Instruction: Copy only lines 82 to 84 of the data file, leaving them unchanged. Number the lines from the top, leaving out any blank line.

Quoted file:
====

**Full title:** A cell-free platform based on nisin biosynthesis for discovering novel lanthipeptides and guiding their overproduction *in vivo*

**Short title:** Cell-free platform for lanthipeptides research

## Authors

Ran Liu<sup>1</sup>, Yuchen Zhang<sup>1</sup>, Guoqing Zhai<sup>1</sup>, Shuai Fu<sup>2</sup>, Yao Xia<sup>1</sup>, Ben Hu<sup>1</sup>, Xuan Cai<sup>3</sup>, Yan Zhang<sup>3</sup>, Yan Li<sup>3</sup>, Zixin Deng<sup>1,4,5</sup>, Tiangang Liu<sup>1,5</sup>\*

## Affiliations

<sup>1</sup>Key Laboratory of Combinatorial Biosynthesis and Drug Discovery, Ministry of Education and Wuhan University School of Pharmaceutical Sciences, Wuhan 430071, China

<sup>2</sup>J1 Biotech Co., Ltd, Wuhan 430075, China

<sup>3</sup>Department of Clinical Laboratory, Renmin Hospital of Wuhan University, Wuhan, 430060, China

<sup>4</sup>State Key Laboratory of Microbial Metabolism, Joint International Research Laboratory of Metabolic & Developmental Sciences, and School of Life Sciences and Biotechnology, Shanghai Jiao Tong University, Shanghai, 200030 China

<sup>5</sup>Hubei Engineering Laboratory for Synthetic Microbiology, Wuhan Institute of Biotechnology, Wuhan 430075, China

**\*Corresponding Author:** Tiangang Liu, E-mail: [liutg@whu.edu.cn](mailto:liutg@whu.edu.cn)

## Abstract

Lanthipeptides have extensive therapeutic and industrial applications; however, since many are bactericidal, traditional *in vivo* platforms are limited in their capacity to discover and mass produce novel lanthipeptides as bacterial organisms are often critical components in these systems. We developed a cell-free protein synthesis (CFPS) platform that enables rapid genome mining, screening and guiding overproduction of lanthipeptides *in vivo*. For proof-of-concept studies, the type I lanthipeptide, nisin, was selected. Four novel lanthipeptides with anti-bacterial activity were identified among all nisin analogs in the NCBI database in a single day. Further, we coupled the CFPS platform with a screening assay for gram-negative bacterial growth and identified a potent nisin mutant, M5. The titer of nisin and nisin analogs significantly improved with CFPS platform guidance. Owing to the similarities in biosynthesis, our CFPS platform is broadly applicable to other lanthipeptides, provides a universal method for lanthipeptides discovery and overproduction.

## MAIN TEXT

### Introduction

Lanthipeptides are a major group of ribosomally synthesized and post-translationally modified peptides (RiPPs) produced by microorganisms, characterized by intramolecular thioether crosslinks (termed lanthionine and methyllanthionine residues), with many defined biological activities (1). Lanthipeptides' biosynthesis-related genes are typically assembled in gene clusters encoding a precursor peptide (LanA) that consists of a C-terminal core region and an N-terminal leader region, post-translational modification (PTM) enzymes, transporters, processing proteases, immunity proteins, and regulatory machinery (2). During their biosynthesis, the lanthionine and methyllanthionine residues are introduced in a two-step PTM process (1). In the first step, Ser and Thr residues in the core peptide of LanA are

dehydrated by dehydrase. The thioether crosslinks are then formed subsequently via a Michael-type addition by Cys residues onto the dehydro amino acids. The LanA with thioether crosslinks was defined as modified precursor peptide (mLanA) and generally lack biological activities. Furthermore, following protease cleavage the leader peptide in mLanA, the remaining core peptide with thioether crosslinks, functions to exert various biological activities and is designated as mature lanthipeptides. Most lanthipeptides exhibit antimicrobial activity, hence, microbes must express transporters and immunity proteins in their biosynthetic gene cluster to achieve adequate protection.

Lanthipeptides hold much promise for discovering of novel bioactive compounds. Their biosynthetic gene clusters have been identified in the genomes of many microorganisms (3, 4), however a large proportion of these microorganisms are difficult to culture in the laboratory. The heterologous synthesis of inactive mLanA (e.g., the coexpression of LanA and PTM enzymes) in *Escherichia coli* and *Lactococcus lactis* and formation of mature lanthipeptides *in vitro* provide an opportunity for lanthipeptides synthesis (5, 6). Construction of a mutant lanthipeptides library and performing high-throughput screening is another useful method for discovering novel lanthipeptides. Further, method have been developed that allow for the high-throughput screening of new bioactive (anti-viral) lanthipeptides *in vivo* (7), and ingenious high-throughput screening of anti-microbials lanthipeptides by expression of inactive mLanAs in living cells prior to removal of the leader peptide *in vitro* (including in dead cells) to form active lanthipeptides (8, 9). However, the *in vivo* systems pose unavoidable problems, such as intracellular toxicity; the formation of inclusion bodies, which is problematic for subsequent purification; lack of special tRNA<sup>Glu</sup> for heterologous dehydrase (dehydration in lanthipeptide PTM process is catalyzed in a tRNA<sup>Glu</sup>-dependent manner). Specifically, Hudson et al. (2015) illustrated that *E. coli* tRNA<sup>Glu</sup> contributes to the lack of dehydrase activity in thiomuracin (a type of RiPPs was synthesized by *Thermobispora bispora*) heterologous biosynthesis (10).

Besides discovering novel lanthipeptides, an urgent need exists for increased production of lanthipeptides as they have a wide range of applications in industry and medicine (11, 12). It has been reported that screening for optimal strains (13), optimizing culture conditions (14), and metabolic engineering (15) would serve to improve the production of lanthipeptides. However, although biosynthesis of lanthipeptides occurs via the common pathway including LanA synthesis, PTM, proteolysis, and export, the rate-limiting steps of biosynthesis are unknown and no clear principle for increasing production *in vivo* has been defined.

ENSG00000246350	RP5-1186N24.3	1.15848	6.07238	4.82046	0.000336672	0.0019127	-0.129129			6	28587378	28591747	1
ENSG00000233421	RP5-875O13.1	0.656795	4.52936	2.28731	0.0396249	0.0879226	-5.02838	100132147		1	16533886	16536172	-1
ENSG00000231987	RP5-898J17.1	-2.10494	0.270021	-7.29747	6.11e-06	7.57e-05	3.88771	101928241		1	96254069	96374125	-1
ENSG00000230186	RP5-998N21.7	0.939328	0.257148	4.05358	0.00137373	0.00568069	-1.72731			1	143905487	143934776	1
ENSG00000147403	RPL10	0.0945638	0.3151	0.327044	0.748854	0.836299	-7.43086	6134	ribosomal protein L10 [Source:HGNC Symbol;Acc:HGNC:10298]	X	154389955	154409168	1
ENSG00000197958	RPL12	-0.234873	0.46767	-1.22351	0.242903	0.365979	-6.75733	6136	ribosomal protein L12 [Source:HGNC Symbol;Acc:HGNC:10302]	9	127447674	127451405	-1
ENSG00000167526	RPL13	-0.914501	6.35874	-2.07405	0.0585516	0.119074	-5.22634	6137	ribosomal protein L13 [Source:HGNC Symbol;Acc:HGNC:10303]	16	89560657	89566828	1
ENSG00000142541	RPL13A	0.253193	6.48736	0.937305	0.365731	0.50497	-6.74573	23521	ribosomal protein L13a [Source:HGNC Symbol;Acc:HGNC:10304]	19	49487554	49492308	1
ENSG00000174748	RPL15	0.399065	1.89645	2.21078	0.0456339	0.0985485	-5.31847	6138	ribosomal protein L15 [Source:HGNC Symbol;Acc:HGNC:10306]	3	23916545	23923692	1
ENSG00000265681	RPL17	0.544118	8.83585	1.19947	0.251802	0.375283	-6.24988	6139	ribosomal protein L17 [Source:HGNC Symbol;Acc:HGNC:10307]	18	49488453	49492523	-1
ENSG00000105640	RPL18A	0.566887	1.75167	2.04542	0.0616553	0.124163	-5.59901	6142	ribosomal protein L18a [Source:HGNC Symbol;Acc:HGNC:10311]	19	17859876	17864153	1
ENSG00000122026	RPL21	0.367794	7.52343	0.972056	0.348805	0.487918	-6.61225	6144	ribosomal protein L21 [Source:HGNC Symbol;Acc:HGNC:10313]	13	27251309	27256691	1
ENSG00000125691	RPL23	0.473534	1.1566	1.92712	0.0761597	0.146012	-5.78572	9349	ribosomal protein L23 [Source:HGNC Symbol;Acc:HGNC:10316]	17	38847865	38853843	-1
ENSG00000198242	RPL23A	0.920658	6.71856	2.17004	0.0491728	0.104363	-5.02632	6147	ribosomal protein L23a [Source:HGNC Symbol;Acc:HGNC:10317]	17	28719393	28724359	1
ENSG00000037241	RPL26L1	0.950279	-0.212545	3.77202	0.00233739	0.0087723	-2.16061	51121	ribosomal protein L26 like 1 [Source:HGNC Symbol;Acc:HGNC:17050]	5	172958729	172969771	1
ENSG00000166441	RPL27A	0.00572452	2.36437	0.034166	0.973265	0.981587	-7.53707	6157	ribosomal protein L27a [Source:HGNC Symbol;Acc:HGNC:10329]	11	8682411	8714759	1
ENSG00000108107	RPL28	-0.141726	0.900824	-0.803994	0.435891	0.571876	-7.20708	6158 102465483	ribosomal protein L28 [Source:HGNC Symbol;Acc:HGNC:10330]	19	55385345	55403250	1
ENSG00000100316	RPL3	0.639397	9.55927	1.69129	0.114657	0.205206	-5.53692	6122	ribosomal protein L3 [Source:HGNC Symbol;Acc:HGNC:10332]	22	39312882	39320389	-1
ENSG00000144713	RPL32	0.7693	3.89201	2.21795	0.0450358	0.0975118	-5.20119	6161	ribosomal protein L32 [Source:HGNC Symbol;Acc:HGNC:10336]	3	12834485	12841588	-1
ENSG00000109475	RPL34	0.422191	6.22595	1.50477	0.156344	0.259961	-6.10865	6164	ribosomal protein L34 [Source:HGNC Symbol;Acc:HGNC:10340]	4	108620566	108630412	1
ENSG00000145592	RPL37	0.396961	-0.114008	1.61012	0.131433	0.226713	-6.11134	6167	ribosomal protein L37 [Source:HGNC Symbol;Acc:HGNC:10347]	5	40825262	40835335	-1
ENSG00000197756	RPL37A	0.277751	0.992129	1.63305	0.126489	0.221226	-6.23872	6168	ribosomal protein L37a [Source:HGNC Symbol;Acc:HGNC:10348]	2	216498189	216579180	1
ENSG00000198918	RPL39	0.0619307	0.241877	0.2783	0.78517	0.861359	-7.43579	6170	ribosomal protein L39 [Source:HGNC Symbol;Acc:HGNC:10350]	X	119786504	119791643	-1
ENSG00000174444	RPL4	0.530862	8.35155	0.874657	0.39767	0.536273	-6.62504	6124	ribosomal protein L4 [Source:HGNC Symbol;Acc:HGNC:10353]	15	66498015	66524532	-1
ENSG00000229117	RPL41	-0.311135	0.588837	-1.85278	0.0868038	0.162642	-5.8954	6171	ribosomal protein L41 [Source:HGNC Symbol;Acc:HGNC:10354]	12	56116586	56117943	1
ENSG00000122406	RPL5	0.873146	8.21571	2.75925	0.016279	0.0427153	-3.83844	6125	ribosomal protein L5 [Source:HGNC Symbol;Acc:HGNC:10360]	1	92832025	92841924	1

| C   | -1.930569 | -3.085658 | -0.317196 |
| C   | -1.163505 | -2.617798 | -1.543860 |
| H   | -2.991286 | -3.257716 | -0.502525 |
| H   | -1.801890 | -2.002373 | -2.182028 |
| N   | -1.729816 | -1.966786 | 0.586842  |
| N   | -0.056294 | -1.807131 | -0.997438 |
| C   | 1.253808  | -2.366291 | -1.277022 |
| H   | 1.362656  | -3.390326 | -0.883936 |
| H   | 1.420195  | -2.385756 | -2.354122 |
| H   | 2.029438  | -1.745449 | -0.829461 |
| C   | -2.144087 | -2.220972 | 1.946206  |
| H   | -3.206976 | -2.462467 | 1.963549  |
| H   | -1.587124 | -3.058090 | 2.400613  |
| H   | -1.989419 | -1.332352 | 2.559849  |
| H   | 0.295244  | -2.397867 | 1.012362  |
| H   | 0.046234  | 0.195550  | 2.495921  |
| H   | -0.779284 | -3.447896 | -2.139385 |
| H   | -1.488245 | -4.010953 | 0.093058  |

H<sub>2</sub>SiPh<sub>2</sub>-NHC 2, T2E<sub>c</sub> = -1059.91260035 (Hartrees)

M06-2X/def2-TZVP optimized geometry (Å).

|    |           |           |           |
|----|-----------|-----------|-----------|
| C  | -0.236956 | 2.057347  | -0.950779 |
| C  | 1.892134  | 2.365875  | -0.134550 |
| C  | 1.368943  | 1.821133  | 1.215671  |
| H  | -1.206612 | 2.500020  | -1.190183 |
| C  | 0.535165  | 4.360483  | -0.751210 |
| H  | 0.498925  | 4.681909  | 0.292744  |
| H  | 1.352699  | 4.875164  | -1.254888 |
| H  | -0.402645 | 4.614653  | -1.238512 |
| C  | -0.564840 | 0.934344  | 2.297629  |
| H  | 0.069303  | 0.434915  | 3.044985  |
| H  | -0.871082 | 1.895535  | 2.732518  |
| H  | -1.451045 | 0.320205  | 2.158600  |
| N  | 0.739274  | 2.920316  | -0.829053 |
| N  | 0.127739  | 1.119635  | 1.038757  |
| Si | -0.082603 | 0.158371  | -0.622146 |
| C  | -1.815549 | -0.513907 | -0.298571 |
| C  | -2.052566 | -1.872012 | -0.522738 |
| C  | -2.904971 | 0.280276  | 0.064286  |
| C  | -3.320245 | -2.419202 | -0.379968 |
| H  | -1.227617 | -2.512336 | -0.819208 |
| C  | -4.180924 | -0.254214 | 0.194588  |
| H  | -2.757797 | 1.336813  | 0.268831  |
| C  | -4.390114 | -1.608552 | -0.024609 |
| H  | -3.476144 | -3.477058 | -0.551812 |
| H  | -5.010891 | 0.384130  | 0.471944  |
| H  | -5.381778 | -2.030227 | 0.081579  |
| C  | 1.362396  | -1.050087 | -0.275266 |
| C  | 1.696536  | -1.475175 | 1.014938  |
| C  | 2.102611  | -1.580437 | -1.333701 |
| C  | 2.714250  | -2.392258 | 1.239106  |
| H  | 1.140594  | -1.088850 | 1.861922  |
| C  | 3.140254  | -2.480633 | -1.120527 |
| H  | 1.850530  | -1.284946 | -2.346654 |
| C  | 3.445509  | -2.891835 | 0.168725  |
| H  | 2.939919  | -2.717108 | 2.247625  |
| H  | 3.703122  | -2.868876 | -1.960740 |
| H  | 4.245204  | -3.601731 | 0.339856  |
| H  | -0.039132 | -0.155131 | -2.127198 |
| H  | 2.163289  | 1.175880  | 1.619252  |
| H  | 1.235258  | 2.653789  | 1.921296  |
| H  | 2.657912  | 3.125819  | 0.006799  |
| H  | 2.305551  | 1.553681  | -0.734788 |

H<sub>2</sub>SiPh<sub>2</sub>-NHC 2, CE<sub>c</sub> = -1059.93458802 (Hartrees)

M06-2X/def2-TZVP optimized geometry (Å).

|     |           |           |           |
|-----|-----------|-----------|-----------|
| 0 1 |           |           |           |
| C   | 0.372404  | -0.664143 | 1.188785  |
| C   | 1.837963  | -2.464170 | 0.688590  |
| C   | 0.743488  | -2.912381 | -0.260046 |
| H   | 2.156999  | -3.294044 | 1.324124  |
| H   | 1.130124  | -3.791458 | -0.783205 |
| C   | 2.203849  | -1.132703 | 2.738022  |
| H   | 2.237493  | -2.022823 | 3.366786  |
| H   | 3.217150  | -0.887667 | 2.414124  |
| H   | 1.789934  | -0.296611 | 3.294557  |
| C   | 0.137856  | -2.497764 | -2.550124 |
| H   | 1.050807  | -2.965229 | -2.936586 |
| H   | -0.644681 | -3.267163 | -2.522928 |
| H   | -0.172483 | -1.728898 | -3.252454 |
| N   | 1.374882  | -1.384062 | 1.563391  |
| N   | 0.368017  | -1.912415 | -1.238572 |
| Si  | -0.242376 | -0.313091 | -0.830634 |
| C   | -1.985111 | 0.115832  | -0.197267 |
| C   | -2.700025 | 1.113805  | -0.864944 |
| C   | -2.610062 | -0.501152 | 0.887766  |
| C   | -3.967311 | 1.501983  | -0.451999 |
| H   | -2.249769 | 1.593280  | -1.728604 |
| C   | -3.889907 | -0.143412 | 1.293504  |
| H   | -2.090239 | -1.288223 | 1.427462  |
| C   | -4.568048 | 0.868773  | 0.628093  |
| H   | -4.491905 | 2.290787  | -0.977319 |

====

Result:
| Si | -0.082603 | 0.158371  | -0.622146 |
| C  | -1.815549 | -0.513907 | -0.298571 |
| C  | -2.052566 | -1.872012 | -0.522738 |